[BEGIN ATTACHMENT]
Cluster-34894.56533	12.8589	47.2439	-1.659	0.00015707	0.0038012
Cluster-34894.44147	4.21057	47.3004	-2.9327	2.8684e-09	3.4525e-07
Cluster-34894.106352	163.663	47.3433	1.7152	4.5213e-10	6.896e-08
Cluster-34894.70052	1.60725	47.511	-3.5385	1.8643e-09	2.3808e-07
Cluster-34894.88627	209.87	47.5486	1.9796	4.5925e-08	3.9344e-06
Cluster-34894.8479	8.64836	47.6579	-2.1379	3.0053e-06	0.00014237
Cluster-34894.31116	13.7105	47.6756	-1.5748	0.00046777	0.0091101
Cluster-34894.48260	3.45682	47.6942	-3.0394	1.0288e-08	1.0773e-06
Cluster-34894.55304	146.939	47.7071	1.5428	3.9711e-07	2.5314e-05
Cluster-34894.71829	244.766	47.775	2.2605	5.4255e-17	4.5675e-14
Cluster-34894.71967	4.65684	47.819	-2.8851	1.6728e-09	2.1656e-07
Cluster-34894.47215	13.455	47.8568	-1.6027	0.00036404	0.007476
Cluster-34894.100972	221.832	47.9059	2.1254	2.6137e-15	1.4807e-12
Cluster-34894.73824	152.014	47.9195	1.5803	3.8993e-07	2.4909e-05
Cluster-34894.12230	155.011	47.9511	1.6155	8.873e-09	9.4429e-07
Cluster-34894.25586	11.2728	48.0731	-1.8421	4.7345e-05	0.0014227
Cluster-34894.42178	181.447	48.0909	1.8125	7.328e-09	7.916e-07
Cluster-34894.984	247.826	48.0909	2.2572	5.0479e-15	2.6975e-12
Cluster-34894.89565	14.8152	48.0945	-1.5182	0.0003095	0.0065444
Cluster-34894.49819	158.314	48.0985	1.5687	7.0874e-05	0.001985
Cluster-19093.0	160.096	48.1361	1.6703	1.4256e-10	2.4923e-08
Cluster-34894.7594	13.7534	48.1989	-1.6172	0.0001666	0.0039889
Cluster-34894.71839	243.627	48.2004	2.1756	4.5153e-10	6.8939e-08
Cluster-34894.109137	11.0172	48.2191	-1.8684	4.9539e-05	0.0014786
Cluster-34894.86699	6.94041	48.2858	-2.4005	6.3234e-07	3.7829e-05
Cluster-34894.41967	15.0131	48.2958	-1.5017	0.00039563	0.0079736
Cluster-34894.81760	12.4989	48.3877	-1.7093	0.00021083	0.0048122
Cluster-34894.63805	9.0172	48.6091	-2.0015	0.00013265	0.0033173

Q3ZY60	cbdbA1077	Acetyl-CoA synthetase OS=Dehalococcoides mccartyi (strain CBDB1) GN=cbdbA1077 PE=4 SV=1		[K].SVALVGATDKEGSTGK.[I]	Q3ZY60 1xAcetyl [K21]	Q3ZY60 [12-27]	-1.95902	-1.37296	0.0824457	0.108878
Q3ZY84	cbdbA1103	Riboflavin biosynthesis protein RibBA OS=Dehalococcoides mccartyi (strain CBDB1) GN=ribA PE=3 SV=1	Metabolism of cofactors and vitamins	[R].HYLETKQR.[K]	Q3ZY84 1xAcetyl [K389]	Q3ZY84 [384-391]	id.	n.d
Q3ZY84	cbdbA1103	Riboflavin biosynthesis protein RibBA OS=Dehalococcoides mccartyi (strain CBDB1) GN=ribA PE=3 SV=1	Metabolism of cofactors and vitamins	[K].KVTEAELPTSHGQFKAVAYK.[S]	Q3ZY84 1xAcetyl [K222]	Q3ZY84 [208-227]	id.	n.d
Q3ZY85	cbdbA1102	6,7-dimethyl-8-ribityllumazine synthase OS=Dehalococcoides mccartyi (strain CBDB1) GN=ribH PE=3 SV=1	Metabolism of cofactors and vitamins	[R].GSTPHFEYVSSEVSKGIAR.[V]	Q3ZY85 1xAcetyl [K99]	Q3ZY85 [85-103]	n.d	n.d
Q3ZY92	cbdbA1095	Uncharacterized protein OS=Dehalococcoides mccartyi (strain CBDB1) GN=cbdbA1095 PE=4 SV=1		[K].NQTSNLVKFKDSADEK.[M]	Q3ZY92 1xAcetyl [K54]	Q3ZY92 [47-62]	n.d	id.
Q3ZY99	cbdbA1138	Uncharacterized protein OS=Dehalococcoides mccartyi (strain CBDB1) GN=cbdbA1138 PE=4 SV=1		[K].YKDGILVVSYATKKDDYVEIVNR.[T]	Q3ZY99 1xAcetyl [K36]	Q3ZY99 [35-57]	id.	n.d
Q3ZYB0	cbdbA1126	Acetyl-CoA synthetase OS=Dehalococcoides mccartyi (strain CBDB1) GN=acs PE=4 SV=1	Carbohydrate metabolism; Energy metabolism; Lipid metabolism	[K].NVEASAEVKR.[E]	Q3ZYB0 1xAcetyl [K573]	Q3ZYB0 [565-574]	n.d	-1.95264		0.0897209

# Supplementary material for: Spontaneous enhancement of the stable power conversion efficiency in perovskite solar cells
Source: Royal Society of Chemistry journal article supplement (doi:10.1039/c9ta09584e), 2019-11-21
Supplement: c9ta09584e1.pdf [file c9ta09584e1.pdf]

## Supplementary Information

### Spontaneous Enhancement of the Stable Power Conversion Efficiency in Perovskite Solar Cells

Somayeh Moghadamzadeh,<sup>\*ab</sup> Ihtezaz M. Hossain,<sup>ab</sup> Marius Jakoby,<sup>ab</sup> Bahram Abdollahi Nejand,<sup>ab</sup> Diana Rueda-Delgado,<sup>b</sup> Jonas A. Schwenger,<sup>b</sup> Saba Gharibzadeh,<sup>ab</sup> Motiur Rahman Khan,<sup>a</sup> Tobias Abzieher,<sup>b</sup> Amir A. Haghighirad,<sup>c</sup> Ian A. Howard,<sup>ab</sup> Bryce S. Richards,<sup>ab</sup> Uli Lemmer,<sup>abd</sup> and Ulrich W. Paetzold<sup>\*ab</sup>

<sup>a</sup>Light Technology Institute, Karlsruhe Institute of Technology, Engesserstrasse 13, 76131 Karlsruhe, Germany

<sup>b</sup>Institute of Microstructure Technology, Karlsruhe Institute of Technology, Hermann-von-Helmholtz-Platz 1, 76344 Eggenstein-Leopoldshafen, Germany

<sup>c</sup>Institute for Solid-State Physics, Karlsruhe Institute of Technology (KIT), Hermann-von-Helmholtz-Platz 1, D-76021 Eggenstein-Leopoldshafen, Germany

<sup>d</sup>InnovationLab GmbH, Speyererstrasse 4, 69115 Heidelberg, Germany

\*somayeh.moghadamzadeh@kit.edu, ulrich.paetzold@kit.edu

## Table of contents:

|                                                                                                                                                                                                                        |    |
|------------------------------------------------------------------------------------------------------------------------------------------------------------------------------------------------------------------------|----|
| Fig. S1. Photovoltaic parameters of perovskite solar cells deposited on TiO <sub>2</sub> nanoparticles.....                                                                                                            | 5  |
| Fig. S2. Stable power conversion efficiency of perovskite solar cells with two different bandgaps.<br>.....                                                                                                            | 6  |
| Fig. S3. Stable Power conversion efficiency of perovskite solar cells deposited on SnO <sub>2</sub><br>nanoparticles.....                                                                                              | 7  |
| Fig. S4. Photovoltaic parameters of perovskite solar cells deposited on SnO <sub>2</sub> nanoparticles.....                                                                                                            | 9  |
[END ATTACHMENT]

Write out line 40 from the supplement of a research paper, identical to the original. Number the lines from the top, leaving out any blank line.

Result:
### Spontaneous Enhancement of the Stable Power Conversion Efficiency in Perovskite Solar Cells